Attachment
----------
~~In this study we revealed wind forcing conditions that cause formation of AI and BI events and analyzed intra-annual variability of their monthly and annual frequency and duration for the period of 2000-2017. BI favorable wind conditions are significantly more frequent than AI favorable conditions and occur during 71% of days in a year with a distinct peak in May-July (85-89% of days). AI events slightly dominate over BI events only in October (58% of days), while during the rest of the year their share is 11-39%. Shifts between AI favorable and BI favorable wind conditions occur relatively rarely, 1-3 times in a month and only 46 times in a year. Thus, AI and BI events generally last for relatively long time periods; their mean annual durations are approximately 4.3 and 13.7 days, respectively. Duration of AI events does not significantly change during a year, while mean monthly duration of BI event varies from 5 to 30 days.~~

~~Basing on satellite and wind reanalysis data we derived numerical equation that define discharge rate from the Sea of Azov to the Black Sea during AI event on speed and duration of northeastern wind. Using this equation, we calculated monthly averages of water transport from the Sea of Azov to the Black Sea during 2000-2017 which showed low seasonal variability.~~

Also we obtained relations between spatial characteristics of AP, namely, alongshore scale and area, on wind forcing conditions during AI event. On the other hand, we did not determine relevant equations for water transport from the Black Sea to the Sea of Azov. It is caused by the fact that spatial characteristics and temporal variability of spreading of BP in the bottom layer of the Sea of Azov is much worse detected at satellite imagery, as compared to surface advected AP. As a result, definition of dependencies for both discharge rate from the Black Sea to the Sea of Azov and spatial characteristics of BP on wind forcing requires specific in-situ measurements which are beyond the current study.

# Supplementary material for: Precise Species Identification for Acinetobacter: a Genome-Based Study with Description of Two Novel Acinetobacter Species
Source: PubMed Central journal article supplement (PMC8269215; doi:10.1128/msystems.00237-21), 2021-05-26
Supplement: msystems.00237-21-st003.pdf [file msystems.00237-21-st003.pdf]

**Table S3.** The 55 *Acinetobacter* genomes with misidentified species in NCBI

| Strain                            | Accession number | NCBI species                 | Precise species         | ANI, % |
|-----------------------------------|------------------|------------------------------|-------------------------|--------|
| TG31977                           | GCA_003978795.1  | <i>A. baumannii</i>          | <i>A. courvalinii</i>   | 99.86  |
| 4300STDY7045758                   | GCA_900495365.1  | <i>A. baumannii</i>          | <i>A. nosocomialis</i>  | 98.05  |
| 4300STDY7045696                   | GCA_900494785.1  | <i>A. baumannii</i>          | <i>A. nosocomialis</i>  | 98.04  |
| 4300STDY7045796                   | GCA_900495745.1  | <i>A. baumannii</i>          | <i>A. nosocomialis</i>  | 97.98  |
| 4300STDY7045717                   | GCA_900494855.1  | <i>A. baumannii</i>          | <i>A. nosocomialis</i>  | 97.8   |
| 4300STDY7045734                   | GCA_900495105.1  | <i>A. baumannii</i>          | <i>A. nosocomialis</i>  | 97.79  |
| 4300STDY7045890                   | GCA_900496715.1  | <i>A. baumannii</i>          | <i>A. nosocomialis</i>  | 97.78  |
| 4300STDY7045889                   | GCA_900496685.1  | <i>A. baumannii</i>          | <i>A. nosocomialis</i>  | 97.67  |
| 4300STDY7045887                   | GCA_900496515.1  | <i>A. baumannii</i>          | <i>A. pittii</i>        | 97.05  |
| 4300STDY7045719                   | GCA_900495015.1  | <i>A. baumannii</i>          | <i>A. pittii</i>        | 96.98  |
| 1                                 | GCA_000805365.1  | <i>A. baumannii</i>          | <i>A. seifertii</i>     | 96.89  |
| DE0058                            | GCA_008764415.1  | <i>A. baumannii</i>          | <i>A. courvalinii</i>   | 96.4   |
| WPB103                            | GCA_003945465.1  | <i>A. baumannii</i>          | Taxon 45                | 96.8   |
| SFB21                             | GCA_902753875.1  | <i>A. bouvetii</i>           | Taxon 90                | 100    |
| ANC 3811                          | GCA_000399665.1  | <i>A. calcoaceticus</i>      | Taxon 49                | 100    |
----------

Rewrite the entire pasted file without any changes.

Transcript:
~~In this study we revealed wind forcing conditions that cause formation of AI and BI events and analyzed intra-annual variability of their monthly and annual frequency and duration for the period of 2000-2017. BI favorable wind conditions are significantly more frequent than AI favorable conditions and occur during 71% of days in a year with a distinct peak in May-July (85-89% of days). AI events slightly dominate over BI events only in October (58% of days), while during the rest of the year their share is 11-39%. Shifts between AI favorable and BI favorable wind conditions occur relatively rarely, 1-3 times in a month and only 46 times in a year. Thus, AI and BI events generally last for relatively long time periods; their mean annual durations are approximately 4.3 and 13.7 days, respectively. Duration of AI events does not significantly change during a year, while mean monthly duration of BI event varies from 5 to 30 days.~~

~~Basing on satellite and wind reanalysis data we derived numerical equation that define discharge rate from the Sea of Azov to the Black Sea during AI event on speed and duration of northeastern wind. Using this equation, we calculated monthly averages of water transport from the Sea of Azov to the Black Sea during 2000-2017 which showed low seasonal variability.~~

Also we obtained relations between spatial characteristics of AP, namely, alongshore scale and area, on wind forcing conditions during AI event. On the other hand, we did not determine relevant equations for water transport from the Black Sea to the Sea of Azov. It is caused by the fact that spatial characteristics and temporal variability of spreading of BP in the bottom layer of the Sea of Azov is much worse detected at satellite imagery, as compared to surface advected AP. As a result, definition of dependencies for both discharge rate from the Black Sea to the Sea of Azov and spatial characteristics of BP on wind forcing requires specific in-situ measurements which are beyond the current study.

# Supplementary material for: Precise Species Identification for Acinetobacter: a Genome-Based Study with Description of Two Novel Acinetobacter Species
Source: PubMed Central journal article supplement (PMC8269215; doi:10.1128/msystems.00237-21), 2021-05-26
Supplement: msystems.00237-21-st003.pdf [file msystems.00237-21-st003.pdf]

**Table S3.** The 55 *Acinetobacter* genomes with misidentified species in NCBI

| Strain                            | Accession number | NCBI species                 | Precise species         | ANI, % |
|-----------------------------------|------------------|------------------------------|-------------------------|--------|
| TG31977                           | GCA_003978795.1  | <i>A. baumannii</i>          | <i>A. courvalinii</i>   | 99.86  |
| 4300STDY7045758                   | GCA_900495365.1  | <i>A. baumannii</i>          | <i>A. nosocomialis</i>  | 98.05  |
| 4300STDY7045696                   | GCA_900494785.1  | <i>A. baumannii</i>          | <i>A. nosocomialis</i>  | 98.04  |
| 4300STDY7045796                   | GCA_900495745.1  | <i>A. baumannii</i>          | <i>A. nosocomialis</i>  | 97.98  |
| 4300STDY7045717                   | GCA_900494855.1  | <i>A. baumannii</i>          | <i>A. nosocomialis</i>  | 97.8   |
| 4300STDY7045734                   | GCA_900495105.1  | <i>A. baumannii</i>          | <i>A. nosocomialis</i>  | 97.79  |
| 4300STDY7045890                   | GCA_900496715.1  | <i>A. baumannii</i>          | <i>A. nosocomialis</i>  | 97.78  |
| 4300STDY7045889                   | GCA_900496685.1  | <i>A. baumannii</i>          | <i>A. nosocomialis</i>  | 97.67  |
| 4300STDY7045887                   | GCA_900496515.1  | <i>A. baumannii</i>          | <i>A. pittii</i>        | 97.05  |
| 4300STDY7045719                   | GCA_900495015.1  | <i>A. baumannii</i>          | <i>A. pittii</i>        | 96.98  |
| 1                                 | GCA_000805365.1  | <i>A. baumannii</i>          | <i>A. seifertii</i>     | 96.89  |
| DE0058                            | GCA_008764415.1  | <i>A. baumannii</i>          | <i>A. courvalinii</i>   | 96.4   |
| WPB103                            | GCA_003945465.1  | <i>A. baumannii</i>          | Taxon 45                | 96.8   |
| SFB21                             | GCA_902753875.1  | <i>A. bouvetii</i>           | Taxon 90                | 100    |
| ANC 3811                          | GCA_000399665.1  | <i>A. calcoaceticus</i>      | Taxon 49                | 100    |